As a result of “interest-based investing,” we may see entirely new consumer financial services firms emerge. For younger investors, the first relationship they may have with an investment or financial services firm could be with one of these newer culture assets - crypto, sports cards, sneakers, collectibles, NFTs.
That is why companies that create on-ramps to new asset classes may come to define the future of retail financial services.
On-ramps bring new investors to an asset class. In their S-1, Coinbase states that they are the “default starting place for new user journeys into the cryptoeconomy.” Coinbase “reduce[s] the complexity of crypto by infusing usability at the core of each of [their] products,” which enables the mainstreaming of the crypto space.
Participation in the stock market is still not a reality for all Americans. Just 55% of Americans own stocks directly or through a mutual fund or in an IRA account, according to a Gallup poll from April 2020. The latest available government data, via the Federal Reserve in 2016, illustrates that only a small percentage of American families - 14% - are directly invested in individual stocks. Moreover, just 10% of households controlled 84% of the total value of these stocks.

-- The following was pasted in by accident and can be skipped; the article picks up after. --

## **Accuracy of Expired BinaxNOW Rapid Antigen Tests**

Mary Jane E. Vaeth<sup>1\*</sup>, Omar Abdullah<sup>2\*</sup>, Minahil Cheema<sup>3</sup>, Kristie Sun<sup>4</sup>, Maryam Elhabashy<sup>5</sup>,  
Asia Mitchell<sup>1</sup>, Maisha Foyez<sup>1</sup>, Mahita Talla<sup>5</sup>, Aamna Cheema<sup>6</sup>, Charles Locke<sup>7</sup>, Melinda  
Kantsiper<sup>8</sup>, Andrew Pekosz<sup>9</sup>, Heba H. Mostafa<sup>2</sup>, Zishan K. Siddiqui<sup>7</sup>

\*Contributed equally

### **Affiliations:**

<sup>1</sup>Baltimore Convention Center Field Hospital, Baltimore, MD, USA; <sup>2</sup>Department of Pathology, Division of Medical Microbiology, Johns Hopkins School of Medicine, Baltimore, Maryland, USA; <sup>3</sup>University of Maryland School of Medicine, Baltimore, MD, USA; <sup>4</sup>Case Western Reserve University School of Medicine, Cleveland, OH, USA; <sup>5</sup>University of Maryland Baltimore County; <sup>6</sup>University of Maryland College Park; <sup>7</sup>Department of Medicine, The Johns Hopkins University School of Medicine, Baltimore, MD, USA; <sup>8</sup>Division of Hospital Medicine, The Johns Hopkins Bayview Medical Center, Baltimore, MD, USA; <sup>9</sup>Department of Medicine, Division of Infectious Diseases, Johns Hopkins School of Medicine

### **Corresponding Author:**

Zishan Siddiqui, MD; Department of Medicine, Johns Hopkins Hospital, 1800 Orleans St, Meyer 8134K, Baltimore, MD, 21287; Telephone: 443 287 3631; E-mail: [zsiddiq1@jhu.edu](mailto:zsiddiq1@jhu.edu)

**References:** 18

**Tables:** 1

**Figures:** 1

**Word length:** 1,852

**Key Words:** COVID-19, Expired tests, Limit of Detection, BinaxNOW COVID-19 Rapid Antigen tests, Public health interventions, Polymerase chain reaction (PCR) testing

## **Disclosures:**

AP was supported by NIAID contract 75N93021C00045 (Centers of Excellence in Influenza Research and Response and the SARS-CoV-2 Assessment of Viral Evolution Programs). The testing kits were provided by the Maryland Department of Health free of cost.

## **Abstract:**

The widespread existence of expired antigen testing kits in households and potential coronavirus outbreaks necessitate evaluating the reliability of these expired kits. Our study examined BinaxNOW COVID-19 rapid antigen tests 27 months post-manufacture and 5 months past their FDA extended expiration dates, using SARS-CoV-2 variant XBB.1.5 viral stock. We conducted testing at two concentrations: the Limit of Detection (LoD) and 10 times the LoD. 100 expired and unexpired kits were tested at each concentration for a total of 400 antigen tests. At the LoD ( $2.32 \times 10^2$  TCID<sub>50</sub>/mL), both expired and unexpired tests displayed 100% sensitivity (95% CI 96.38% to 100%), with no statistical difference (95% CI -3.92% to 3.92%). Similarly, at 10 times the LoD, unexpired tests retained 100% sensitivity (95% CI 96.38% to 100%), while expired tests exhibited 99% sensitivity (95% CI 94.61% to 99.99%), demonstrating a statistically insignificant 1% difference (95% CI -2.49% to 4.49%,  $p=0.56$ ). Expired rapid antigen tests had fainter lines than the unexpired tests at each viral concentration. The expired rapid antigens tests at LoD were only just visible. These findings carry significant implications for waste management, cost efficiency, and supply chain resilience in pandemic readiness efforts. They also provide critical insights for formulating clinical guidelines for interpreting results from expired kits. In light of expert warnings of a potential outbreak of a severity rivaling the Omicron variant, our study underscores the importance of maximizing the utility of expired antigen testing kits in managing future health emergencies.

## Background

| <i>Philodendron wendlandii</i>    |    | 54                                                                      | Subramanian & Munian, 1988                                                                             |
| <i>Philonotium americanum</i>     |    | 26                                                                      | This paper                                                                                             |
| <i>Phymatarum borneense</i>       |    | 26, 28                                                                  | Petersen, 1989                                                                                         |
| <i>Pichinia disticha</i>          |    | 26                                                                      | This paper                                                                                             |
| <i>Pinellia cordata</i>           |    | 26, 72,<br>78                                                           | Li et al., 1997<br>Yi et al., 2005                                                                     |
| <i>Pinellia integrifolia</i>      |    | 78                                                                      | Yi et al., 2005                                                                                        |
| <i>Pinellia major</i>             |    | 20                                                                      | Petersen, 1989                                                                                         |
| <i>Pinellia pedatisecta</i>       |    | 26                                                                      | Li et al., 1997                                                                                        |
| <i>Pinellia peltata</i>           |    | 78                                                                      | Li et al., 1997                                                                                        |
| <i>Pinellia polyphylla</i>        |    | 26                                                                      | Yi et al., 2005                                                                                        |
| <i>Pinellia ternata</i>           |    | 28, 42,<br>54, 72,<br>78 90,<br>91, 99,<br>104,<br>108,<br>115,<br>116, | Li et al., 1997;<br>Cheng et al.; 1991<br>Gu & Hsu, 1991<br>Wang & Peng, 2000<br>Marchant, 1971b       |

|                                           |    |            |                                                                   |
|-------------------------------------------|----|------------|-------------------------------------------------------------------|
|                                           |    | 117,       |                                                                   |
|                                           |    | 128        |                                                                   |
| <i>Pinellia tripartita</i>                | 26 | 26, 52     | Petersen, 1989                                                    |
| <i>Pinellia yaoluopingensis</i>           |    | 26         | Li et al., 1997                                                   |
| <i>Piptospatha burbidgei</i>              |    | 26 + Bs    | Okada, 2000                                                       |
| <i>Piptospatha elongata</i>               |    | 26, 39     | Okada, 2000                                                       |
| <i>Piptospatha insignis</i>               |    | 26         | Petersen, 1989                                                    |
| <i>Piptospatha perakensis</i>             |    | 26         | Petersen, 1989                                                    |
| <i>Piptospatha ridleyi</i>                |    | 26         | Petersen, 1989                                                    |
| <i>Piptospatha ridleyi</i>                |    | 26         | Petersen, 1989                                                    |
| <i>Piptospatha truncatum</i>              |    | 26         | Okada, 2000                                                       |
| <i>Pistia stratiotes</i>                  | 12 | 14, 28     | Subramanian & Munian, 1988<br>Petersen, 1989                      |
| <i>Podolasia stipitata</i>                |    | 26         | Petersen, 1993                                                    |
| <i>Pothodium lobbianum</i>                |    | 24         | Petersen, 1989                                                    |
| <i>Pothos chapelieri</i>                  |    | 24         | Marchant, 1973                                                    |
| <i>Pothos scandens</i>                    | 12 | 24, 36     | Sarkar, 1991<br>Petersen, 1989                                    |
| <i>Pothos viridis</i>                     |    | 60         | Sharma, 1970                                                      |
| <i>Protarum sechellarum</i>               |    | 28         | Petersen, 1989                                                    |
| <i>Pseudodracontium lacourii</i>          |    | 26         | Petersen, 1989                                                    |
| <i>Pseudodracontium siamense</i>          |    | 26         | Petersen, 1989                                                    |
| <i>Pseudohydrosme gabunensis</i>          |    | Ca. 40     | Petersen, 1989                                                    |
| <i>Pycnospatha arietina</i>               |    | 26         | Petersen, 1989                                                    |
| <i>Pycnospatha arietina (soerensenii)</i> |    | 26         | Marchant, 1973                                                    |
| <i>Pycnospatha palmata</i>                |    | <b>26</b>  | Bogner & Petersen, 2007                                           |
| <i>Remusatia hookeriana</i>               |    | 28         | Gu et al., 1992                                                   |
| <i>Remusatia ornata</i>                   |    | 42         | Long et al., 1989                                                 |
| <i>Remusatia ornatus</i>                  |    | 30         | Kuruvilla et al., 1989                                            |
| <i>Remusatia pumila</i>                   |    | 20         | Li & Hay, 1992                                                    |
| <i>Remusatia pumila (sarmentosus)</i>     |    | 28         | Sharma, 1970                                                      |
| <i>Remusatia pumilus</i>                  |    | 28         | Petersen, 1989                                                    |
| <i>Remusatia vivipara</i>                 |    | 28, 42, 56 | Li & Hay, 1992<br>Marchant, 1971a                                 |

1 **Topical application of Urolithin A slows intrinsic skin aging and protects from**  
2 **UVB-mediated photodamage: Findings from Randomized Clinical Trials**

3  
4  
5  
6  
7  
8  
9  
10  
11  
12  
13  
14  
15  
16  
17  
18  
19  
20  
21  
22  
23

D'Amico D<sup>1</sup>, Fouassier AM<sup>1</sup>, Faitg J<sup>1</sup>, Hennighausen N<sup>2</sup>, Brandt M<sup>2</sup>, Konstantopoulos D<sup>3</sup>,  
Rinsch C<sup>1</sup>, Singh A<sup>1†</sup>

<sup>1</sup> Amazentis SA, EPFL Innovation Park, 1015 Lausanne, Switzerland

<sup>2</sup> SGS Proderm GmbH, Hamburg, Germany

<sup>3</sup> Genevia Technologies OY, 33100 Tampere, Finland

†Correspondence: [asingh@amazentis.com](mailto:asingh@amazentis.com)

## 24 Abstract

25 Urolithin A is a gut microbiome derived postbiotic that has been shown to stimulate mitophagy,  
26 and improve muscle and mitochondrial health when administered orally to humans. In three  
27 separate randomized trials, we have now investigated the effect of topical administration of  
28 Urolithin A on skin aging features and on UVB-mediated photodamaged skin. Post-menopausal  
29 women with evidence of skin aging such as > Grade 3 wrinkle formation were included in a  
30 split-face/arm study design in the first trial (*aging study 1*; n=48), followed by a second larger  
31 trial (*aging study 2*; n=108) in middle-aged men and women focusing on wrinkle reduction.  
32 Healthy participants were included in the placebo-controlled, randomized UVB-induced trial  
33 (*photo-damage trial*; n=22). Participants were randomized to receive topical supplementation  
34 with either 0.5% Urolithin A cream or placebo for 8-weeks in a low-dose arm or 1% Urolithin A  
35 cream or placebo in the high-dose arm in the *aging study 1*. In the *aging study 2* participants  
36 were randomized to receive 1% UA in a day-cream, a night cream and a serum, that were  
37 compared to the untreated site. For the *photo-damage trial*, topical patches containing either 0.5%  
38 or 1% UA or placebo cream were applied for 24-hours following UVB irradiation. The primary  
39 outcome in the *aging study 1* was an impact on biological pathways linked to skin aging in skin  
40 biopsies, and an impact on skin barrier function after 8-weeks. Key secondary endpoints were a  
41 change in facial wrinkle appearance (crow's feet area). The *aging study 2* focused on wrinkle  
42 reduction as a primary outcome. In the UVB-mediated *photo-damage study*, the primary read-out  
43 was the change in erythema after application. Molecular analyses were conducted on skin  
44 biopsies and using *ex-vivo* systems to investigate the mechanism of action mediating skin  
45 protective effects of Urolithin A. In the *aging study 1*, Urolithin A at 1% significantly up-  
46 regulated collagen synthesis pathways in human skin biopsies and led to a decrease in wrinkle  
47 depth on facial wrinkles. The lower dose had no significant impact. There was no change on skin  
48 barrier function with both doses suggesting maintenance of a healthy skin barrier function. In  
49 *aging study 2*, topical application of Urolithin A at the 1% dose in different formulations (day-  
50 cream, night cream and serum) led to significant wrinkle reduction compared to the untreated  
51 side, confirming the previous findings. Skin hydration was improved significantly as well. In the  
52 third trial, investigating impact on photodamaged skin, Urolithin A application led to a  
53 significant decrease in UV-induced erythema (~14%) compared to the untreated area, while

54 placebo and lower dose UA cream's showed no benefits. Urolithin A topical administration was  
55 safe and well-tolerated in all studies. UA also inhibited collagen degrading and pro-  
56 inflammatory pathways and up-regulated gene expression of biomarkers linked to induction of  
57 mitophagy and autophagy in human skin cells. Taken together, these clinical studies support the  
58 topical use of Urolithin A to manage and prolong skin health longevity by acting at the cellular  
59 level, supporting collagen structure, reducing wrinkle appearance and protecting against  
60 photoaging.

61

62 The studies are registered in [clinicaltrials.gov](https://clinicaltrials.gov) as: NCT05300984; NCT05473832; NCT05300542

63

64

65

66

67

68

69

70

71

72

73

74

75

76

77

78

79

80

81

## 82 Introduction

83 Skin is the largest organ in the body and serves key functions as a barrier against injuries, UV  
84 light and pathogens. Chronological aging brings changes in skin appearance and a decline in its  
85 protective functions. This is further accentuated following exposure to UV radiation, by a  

Can on-ramps to new asset classes change the demographics of asset ownership?
Coinbase created this on-ramp for crypto investors in 2012.
Some of those individual investors who were early crypto adopters may now have more money in their Coinbase brokerage account than they do in their bank accounts.
This creates a very powerful dynamic for Coinbase.